Ecosystem Management Team
The U.S. Department of Energy (DOE) is evaluating methods of reducing the long-term costs and risks associated with operating, monitoring, and managing its legacy sites. For example, vegetation management is a significant and growing component of annual maintenance costs at legacy sites. Long-term surveillance plans often require suppression of plant growth on rock-covered disposal cells because scientists have concerns that (1) plants’ roots may increase water percolation through compacted soil layers into buried contaminated material (and hence, increase the potential for spreading contamination), or (2) roots may take up and disperse buried contaminants (e.g., wind may spread contaminated plant materials or wildlife may ingest contaminated plant materials). DOE is responsible for protecting human and ecological health at its legacy sites and wants to ensure that the implemented remedies remain viable over the long term. At many sites, DOE, as property owner, is required by law to control populations of noxious weeds growing on or around disposal cells. As DOE inherits additional legacy sites, the cost of controlling unwanted vegetation and noxious weeds is expected to increase.
The Ecosystem Management Team was formed to identify and implement more cost-effective and sustainable ways to manage soils, vegetation, and wildlife at legacy sites. Members of the group include scientists, site managers, and human health specialists. The group has identified a list of issues that could affect the management of legacy sites and a corresponding list of goals for managing ecosystems.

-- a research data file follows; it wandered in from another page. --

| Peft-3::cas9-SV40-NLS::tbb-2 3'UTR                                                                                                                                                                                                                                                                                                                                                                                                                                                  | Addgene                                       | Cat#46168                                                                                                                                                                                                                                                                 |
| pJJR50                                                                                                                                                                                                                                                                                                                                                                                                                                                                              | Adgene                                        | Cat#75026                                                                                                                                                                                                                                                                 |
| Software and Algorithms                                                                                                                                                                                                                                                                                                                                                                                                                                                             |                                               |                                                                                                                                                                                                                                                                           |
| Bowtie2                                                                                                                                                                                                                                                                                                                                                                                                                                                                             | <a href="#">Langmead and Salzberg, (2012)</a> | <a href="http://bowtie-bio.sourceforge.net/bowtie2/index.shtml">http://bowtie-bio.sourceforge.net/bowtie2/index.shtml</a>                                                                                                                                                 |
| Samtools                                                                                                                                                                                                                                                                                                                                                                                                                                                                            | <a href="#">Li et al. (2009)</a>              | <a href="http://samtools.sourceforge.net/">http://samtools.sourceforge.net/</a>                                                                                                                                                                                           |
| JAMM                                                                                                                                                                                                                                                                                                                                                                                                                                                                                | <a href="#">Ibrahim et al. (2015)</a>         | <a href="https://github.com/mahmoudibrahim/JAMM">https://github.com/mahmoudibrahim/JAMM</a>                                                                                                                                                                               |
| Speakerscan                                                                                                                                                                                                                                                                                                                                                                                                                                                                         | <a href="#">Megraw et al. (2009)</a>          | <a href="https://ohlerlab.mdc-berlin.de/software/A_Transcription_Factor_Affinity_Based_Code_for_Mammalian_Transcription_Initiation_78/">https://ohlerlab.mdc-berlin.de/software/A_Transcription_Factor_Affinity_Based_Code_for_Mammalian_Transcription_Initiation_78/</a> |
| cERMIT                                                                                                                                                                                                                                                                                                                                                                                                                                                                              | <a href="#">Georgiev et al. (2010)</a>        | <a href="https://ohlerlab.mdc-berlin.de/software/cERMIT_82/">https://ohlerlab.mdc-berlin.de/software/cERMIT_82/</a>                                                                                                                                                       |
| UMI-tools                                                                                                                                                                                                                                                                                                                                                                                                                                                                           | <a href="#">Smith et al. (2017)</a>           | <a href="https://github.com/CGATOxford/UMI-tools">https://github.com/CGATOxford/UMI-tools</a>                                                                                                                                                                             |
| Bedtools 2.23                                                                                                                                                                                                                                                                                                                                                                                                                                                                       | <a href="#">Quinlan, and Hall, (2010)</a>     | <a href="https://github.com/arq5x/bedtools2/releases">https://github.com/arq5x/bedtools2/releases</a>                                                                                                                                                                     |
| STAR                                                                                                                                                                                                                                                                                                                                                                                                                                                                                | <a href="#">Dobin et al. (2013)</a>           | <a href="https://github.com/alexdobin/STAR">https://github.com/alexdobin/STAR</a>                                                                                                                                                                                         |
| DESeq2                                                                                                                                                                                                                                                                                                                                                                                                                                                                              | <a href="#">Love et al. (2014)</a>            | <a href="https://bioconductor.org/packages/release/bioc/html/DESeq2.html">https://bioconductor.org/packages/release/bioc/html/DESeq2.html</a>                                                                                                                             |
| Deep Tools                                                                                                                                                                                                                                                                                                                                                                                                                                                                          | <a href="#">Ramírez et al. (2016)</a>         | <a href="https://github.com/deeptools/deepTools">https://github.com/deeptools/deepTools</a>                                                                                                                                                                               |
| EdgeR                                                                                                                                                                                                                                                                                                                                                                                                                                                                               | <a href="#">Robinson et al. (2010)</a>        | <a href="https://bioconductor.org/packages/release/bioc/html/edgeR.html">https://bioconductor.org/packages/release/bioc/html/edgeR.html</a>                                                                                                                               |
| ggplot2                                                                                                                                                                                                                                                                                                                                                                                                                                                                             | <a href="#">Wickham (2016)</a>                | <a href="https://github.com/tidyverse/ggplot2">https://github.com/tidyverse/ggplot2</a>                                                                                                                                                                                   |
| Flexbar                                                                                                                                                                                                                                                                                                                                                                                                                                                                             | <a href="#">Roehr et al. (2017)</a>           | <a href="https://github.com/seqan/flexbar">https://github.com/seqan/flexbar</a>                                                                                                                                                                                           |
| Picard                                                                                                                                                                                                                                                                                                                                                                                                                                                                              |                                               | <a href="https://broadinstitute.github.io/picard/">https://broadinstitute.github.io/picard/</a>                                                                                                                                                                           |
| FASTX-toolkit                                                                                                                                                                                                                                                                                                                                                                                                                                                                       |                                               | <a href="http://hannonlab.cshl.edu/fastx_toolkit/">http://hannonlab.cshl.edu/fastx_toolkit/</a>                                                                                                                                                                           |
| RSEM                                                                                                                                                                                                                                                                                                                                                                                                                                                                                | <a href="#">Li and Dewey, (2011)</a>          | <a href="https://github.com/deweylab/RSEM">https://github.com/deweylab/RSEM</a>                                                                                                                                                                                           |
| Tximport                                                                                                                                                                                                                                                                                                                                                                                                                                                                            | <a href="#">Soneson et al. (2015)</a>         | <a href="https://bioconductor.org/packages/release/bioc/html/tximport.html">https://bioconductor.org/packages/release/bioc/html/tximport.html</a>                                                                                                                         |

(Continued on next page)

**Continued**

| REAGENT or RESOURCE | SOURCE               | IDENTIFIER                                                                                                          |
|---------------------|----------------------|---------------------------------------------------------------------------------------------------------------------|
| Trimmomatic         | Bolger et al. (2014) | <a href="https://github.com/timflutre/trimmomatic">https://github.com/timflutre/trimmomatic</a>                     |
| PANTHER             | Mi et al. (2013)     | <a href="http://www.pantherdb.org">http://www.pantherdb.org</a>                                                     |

- Construction of disposal cells created unfavorable conditions on and around the cells for establishing desirable vegetation.
- Noxious weeds have established on many sites.
- Ecological impacts were generally not considered during the design and construction of disposal cells or as part of evaluations of long-term performance.
- Vegetation control recommendations in the long-term surveillance and maintenance plans may not be considering a holistic approach to vegetation management.
- Impacts from the disposal cells on groundwater conditions are not well known.
- Stakeholders may have negative perceptions concerning disposal cell sites (e.g., covers should not have vegetation, herbicides contaminate surface water).
- Protect groundwater resources (plants can be part of the remedy).
- Prevent long-term noxious weed development.
- Better manage habitat, including the establishment of native plant communities.
- Identify long-term sustainable solutions that are cost effective.
- Educate stakeholders.